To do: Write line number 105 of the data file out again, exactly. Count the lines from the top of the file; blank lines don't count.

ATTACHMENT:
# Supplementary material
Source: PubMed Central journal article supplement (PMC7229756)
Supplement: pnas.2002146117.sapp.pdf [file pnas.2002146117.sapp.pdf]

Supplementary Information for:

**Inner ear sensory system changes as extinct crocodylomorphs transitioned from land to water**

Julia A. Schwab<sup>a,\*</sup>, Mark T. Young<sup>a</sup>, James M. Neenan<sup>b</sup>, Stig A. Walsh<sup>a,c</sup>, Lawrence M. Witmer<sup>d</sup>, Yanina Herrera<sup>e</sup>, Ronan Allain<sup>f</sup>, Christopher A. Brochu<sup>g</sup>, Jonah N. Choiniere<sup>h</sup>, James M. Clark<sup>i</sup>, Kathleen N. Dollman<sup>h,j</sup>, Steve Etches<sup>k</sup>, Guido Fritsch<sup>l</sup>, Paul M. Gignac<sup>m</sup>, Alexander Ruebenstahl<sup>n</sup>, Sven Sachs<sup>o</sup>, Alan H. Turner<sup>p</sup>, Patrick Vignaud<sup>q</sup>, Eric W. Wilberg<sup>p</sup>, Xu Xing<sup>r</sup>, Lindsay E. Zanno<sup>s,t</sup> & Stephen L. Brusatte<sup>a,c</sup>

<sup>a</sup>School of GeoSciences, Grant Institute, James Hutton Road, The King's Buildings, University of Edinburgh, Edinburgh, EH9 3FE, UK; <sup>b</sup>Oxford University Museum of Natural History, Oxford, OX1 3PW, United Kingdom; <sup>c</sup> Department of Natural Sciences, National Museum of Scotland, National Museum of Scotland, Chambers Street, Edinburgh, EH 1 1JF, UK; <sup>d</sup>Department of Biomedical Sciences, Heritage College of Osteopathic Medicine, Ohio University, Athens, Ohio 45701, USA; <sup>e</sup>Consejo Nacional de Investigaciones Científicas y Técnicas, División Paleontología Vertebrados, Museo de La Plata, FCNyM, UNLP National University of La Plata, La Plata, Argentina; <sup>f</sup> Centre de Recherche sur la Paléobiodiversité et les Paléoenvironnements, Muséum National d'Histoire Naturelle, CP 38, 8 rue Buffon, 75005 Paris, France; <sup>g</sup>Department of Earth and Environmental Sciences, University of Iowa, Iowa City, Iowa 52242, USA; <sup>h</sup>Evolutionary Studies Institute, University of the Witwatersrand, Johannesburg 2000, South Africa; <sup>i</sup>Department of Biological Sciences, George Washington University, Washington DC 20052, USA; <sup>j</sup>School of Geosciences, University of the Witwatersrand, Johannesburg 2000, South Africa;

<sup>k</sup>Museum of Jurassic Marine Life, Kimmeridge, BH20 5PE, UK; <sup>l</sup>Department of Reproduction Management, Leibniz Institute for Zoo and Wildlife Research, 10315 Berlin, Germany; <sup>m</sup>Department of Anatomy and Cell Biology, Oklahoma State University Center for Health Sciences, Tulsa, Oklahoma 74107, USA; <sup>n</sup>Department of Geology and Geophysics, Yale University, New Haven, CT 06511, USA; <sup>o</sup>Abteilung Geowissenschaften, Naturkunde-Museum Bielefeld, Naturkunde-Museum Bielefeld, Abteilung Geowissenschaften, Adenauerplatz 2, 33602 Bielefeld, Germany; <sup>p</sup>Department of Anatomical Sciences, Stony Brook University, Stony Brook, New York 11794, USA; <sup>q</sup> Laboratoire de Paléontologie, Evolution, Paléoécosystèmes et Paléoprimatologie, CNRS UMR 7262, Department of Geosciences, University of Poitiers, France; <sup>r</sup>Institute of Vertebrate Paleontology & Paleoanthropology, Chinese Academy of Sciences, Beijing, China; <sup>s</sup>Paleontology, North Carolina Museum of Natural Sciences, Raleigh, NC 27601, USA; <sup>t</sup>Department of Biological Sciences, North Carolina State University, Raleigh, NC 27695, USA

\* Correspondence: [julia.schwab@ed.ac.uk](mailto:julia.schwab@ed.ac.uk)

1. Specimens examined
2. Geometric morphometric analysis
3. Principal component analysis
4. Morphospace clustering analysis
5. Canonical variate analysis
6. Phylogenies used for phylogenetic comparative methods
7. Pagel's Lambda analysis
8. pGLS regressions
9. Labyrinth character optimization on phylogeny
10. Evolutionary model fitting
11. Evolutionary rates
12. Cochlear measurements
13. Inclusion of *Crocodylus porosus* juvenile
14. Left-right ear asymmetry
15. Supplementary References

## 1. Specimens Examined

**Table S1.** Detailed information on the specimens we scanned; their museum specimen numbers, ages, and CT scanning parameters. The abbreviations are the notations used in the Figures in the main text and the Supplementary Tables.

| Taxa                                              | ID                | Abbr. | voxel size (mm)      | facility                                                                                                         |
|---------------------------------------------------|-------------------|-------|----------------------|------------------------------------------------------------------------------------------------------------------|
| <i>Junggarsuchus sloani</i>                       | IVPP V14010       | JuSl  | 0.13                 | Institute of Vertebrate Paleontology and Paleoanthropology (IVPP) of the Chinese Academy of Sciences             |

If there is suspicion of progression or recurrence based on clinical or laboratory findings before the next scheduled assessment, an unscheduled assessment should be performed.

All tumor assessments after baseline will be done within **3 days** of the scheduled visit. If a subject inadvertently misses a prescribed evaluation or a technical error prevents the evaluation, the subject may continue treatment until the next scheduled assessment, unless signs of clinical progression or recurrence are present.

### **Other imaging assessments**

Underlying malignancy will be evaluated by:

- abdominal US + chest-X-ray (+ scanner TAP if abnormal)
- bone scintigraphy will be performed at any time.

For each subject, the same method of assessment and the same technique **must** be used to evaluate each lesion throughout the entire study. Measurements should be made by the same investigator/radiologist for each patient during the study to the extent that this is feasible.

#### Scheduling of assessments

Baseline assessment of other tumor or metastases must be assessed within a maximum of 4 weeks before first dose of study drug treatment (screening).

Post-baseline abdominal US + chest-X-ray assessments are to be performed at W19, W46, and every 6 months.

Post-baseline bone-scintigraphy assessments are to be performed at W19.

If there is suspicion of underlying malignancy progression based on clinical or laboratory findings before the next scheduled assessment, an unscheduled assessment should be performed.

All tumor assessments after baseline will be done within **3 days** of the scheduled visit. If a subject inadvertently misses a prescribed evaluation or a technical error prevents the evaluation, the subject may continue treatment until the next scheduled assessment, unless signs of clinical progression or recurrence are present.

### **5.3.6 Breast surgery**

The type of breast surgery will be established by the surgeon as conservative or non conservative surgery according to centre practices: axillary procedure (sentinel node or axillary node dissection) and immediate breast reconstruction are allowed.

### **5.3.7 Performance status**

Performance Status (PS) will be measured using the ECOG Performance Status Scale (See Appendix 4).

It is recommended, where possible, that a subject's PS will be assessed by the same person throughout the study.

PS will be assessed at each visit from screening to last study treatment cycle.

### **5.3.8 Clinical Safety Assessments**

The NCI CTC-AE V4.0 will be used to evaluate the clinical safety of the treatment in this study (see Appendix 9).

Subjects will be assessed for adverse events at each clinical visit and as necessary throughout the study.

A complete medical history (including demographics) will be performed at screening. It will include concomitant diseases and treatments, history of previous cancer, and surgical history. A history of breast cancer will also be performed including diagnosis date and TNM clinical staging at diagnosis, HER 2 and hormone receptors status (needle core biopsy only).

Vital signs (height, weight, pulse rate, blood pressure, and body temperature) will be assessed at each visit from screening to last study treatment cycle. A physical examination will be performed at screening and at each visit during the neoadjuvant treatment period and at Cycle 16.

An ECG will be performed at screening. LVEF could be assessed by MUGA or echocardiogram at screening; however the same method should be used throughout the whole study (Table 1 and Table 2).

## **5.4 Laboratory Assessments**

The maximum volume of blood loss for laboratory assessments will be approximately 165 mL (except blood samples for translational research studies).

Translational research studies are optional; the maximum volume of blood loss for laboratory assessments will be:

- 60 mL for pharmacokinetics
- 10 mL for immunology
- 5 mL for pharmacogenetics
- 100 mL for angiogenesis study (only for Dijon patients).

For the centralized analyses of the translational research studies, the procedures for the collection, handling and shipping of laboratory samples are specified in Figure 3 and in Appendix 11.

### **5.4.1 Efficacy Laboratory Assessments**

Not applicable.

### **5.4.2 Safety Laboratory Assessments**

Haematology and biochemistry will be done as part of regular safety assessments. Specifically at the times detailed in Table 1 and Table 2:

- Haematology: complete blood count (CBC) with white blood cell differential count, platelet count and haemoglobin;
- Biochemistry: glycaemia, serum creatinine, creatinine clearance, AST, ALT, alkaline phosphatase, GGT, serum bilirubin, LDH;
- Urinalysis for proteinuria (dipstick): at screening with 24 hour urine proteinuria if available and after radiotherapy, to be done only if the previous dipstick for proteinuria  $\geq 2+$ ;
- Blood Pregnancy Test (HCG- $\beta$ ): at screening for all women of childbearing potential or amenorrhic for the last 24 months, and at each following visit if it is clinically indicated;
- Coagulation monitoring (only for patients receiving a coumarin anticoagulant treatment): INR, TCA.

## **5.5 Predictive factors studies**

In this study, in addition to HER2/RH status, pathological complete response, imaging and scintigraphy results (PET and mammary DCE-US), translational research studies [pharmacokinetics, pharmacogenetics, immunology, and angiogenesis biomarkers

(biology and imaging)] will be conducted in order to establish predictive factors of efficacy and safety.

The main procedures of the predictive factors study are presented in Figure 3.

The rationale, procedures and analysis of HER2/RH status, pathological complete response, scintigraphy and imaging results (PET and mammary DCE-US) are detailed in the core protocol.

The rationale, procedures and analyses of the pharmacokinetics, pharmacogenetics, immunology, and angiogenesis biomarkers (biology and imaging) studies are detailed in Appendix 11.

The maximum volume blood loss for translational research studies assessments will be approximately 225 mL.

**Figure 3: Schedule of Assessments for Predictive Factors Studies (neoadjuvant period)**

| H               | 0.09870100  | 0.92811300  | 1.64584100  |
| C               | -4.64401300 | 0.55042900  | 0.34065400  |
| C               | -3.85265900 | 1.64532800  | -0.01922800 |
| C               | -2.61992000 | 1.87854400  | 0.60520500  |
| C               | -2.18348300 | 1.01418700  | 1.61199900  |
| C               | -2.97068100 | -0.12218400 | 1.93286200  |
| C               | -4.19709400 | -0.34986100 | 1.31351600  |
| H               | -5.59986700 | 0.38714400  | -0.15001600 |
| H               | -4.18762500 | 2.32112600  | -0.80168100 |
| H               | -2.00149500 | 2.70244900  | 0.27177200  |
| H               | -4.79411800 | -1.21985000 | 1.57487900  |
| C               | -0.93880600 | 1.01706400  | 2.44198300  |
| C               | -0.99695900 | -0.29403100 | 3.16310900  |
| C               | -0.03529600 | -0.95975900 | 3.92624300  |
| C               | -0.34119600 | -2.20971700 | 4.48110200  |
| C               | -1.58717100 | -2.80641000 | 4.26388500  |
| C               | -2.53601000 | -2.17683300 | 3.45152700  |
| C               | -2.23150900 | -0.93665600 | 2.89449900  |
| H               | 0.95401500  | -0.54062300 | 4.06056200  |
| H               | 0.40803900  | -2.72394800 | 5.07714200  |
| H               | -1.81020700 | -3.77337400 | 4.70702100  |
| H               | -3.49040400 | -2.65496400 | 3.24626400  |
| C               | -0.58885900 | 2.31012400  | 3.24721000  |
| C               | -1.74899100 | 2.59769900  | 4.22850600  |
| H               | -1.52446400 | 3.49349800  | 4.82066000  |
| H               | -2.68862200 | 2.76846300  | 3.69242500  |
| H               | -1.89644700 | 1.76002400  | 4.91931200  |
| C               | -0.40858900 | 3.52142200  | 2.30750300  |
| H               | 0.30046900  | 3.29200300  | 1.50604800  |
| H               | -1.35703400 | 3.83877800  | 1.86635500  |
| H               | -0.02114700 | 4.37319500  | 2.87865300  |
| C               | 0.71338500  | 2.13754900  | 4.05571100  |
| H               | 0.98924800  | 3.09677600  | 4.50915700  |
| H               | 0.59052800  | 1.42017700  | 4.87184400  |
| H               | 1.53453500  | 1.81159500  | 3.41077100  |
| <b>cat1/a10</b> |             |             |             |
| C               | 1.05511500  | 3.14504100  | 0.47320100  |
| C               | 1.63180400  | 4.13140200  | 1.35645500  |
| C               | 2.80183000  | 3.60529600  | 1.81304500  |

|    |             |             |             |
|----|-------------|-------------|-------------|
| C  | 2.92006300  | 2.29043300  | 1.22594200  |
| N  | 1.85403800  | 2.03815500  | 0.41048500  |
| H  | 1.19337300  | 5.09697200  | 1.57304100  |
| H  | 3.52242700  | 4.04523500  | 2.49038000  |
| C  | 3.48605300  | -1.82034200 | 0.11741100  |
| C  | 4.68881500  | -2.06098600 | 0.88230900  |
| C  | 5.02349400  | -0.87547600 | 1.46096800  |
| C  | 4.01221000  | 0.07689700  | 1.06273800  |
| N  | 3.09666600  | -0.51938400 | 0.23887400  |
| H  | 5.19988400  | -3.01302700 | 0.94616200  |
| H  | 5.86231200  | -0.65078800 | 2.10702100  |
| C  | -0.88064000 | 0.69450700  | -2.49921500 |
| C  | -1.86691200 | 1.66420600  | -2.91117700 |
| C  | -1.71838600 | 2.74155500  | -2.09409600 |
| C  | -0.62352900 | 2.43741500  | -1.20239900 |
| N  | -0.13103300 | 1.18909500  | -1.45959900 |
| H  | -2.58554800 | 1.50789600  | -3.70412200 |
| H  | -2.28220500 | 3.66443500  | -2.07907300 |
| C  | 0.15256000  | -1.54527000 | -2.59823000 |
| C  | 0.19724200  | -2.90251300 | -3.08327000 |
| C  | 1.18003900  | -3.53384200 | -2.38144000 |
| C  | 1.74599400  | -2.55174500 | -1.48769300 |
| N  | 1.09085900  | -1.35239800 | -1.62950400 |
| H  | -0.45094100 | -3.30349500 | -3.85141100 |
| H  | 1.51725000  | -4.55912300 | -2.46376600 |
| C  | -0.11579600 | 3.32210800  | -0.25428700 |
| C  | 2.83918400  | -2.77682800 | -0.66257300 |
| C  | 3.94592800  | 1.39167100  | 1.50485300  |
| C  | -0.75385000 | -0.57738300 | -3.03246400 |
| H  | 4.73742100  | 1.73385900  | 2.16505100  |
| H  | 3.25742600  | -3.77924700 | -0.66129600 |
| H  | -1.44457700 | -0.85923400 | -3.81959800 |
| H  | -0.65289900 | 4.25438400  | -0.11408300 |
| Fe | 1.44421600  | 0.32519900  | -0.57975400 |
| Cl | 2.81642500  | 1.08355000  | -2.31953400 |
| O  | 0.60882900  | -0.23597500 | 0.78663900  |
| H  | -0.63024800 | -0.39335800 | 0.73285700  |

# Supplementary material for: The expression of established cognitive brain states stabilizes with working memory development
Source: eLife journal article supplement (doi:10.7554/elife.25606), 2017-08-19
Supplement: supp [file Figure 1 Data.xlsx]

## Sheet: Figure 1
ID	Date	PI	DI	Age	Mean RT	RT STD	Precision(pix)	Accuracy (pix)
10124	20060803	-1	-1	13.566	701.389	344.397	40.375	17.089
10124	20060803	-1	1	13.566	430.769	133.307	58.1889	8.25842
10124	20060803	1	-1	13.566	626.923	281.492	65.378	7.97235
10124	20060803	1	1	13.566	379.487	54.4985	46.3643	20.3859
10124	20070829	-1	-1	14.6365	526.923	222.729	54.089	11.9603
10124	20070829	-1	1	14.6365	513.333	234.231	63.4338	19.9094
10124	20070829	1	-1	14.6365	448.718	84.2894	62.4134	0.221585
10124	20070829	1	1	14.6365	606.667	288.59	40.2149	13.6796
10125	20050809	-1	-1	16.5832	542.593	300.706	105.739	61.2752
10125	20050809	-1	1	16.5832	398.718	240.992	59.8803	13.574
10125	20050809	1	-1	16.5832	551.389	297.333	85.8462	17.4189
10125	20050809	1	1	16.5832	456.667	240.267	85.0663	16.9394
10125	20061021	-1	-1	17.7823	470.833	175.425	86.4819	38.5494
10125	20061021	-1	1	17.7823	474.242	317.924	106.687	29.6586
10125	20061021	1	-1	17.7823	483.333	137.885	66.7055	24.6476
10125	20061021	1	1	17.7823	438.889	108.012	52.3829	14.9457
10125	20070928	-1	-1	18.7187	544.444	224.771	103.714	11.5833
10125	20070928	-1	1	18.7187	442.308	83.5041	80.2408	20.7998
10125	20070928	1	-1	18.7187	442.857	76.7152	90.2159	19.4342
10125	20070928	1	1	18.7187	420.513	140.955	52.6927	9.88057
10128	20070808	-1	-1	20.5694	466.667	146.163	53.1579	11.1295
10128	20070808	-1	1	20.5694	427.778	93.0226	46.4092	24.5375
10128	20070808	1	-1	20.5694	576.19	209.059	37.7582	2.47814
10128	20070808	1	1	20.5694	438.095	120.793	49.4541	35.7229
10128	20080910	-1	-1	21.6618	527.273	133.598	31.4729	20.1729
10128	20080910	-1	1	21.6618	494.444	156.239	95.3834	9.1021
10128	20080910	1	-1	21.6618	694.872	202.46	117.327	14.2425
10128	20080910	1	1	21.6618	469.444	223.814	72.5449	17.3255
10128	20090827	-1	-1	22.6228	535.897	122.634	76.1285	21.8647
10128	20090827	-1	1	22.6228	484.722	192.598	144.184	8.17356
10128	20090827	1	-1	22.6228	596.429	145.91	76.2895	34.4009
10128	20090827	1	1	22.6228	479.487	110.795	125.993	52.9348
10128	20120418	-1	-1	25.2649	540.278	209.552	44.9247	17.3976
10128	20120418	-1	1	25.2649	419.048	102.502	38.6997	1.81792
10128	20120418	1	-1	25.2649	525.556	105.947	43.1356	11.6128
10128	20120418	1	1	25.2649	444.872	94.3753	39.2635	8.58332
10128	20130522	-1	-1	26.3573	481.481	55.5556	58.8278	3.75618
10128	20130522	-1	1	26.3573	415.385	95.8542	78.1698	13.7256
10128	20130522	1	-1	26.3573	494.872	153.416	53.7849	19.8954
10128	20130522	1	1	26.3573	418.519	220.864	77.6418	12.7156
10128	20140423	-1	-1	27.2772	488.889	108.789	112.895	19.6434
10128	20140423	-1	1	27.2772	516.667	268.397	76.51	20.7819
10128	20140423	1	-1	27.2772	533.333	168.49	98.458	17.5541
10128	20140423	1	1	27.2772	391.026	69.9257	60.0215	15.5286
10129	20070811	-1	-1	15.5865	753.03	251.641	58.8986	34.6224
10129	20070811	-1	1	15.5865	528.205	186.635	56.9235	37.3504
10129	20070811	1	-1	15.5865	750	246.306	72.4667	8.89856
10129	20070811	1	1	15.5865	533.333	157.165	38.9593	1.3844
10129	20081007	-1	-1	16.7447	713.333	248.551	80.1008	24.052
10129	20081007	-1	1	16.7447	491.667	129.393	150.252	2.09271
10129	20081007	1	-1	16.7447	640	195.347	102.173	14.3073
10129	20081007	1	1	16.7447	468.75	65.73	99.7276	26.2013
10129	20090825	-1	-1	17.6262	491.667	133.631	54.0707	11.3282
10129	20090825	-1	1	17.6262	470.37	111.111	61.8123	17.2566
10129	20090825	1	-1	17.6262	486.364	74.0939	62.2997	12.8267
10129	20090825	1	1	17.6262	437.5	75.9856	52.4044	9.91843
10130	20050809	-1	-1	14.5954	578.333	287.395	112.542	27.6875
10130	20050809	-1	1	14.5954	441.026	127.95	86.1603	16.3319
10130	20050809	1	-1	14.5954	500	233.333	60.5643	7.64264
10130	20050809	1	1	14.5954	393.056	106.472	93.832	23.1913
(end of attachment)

| H               | -2.68862200 | 2.76846300  | 3.69242500  |